Today, we filed our complaint United States House of Representatives v. Burwell (Case 1:14-cv-01967), in the United States District Court for the District of Columbia. The House’s complaint contains eight counts concerning constitutional and statutory violations of law related to the Patient Protection and Affordable Care Act (ACA). There are a myriad of unilateral amendments to this Act, ordered by President Obama’s Administration, which could be the subject of a challenge, and there are a number of changes that are already being litigated, including King v. Burwell, which has been accepted by the Supreme Court for review. The House’s complaint, however, focuses on the Administration’s usurpation not only of the House’s Article I legislative authority, but also of the defining “power of purse.” Both of these powers were placed exclusively in Article I by the Framers of our Constitution. These constitutional and statutory claims are highly illustrative of the current conflict between the branches over the basic principles of the separation of powers. The House’s complaint seeks to reaffirm the clear constitutional lines of separation between the branches – a doctrine that is the very foundation of our constitutional system of government. To put it simply, the complaint focuses on the means rather than ends. The complaint is posted below.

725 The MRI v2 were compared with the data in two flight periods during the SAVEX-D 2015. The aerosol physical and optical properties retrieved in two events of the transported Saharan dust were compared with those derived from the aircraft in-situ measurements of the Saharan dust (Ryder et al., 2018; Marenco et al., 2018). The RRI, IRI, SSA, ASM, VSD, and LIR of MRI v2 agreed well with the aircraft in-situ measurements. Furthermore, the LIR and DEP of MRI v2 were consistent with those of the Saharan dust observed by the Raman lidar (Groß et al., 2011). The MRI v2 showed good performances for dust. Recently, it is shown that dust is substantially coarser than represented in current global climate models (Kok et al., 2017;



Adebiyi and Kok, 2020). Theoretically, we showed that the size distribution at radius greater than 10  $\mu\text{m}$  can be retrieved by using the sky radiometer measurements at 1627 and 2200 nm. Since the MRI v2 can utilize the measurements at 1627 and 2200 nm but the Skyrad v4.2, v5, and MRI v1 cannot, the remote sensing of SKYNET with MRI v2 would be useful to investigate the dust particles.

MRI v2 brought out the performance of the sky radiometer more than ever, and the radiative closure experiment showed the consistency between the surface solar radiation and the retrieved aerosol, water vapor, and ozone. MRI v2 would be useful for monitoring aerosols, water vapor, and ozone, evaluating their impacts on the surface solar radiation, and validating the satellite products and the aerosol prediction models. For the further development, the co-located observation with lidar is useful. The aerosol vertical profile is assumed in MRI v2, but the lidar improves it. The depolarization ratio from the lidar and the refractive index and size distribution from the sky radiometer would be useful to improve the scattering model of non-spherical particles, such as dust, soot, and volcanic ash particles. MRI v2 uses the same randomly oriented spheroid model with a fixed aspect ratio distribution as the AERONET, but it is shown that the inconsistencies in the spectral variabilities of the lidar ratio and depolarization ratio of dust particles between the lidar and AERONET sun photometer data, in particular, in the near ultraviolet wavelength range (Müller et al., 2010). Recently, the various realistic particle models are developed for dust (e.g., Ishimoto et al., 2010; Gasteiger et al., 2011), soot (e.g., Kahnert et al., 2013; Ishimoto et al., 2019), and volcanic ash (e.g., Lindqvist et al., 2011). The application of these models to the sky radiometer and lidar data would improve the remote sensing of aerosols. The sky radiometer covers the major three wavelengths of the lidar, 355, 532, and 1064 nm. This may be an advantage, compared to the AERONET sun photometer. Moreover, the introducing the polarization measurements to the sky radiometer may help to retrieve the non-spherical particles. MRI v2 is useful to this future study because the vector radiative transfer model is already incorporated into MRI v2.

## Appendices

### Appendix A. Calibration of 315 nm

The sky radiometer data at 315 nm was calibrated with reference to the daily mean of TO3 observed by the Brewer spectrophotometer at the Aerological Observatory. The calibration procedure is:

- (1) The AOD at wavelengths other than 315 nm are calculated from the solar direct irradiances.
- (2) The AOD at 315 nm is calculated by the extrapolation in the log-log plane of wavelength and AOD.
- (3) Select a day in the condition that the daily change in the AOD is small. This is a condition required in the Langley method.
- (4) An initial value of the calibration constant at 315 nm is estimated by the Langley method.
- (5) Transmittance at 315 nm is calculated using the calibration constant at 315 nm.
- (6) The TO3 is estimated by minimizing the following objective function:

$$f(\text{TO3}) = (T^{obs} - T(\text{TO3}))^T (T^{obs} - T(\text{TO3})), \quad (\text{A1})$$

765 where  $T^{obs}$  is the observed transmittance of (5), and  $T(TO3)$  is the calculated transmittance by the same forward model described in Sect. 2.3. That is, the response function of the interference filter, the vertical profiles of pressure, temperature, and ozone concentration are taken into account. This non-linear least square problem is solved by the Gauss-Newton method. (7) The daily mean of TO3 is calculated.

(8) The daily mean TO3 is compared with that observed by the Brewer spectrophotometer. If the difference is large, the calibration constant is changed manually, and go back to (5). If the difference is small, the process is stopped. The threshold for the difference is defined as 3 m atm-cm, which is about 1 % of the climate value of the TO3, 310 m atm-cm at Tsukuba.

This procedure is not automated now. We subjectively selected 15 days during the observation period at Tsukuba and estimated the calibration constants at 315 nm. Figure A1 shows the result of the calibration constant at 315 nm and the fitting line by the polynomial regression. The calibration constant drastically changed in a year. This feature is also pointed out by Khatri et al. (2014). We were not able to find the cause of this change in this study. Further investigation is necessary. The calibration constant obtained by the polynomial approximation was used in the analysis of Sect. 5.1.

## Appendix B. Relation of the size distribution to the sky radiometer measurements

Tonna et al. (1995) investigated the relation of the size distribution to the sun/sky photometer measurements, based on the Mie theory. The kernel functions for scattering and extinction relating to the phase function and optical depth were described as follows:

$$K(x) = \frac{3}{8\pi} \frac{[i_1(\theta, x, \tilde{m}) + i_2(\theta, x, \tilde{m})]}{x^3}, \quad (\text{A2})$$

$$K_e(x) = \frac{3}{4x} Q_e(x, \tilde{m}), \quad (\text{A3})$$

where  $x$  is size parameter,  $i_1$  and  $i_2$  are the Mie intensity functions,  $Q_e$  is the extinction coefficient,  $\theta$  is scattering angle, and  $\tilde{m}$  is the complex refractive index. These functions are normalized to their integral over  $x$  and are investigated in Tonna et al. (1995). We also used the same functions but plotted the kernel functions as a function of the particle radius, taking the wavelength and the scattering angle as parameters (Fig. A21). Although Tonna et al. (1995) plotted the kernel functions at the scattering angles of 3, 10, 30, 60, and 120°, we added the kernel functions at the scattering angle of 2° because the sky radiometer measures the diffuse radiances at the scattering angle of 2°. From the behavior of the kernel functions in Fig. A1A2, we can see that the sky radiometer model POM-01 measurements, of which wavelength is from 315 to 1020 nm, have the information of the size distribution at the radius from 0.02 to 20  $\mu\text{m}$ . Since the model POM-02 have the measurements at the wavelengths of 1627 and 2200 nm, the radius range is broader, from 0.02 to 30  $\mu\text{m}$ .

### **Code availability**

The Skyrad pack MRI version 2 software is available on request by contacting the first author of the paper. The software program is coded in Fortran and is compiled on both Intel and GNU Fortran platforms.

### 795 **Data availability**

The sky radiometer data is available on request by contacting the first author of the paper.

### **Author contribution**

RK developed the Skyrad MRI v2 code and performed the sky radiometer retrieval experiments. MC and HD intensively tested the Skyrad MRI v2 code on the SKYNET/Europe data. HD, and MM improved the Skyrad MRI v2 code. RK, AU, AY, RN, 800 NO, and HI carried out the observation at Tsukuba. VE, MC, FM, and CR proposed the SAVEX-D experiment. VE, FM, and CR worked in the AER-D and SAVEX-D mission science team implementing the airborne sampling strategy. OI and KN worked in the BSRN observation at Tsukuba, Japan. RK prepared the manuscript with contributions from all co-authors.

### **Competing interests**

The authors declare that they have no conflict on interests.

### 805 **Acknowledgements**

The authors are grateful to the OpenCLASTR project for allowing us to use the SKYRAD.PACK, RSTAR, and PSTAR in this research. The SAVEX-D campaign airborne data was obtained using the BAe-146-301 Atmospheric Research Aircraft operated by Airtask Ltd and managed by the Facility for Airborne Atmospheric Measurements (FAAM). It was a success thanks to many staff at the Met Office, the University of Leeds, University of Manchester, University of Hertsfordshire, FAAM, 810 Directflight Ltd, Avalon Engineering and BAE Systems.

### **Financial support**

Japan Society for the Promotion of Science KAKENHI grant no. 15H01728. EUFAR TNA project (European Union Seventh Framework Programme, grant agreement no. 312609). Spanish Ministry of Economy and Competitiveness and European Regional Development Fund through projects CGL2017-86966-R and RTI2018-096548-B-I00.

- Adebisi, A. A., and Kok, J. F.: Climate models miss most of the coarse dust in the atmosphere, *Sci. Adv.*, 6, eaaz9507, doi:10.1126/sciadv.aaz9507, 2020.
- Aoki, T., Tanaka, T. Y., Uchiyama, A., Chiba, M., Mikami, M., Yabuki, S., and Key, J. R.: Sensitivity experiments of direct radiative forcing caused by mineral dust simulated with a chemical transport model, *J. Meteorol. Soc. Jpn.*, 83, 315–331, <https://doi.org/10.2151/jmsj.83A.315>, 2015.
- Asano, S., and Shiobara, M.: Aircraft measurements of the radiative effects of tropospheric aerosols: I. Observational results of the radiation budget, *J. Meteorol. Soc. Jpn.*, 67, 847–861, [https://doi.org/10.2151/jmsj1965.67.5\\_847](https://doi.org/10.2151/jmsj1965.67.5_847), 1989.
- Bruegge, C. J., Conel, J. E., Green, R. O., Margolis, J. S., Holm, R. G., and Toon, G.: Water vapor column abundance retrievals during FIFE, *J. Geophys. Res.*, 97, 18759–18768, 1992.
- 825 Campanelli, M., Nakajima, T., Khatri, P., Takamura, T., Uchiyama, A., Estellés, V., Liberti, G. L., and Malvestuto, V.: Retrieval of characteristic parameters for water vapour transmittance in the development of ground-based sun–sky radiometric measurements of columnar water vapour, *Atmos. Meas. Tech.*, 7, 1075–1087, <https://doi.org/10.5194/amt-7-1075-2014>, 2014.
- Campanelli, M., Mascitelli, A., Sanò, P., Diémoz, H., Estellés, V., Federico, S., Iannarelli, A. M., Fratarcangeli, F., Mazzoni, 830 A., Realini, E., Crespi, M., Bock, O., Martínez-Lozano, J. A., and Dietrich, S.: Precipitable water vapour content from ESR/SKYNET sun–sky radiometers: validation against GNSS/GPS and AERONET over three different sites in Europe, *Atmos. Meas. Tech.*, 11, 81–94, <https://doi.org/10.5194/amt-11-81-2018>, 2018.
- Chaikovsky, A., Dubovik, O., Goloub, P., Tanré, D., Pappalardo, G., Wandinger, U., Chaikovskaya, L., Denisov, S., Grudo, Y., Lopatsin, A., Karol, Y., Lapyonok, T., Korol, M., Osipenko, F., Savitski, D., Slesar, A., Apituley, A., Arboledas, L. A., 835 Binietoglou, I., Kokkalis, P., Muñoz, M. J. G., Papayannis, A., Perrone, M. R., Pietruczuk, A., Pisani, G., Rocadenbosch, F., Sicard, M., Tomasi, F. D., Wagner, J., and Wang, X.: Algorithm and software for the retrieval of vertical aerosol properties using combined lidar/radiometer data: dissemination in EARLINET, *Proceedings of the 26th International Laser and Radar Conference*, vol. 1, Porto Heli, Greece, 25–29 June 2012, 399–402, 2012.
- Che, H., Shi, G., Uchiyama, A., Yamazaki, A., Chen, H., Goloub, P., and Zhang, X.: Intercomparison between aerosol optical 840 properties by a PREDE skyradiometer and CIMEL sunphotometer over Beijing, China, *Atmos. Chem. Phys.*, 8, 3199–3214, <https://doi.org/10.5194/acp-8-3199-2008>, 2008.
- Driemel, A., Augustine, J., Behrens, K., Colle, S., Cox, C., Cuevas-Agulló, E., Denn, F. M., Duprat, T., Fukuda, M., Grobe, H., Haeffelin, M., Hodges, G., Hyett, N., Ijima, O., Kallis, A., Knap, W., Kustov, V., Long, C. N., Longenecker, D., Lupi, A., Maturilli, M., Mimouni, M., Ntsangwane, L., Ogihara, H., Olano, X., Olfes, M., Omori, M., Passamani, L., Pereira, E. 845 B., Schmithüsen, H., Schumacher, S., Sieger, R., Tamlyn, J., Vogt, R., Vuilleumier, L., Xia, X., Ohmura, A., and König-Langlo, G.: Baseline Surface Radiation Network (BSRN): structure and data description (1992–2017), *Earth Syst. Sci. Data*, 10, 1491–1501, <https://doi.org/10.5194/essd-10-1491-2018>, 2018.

This is not a new question. Indeed, in some respects, it is the original question. The Framers were well aware that governmental actors would seek to aggrandize power within the system the Framers had created. In Federalist 51, James Madison warned that “[i]n framing a government which is to be administered by men over men, the great difficulty lies in this: you must first enable the government to control the governed; and in the next place oblige it to control itself.” Accordingly, the Framers put into place what Madison called “the necessity of auxiliary precautions” to maintain the balance of powers within the system. Such precautions are of little value absent judicial review to maintain the lines of separation; to arrest what Madison called the “encroaching nature” of power.
Once again, as lead counsel, I have to remain circumspect in any public statements on the filing in deference to the Court and the legal process.
Here is the Complaint: House v. Burwell (D.D.C.) – Complaint (FILED)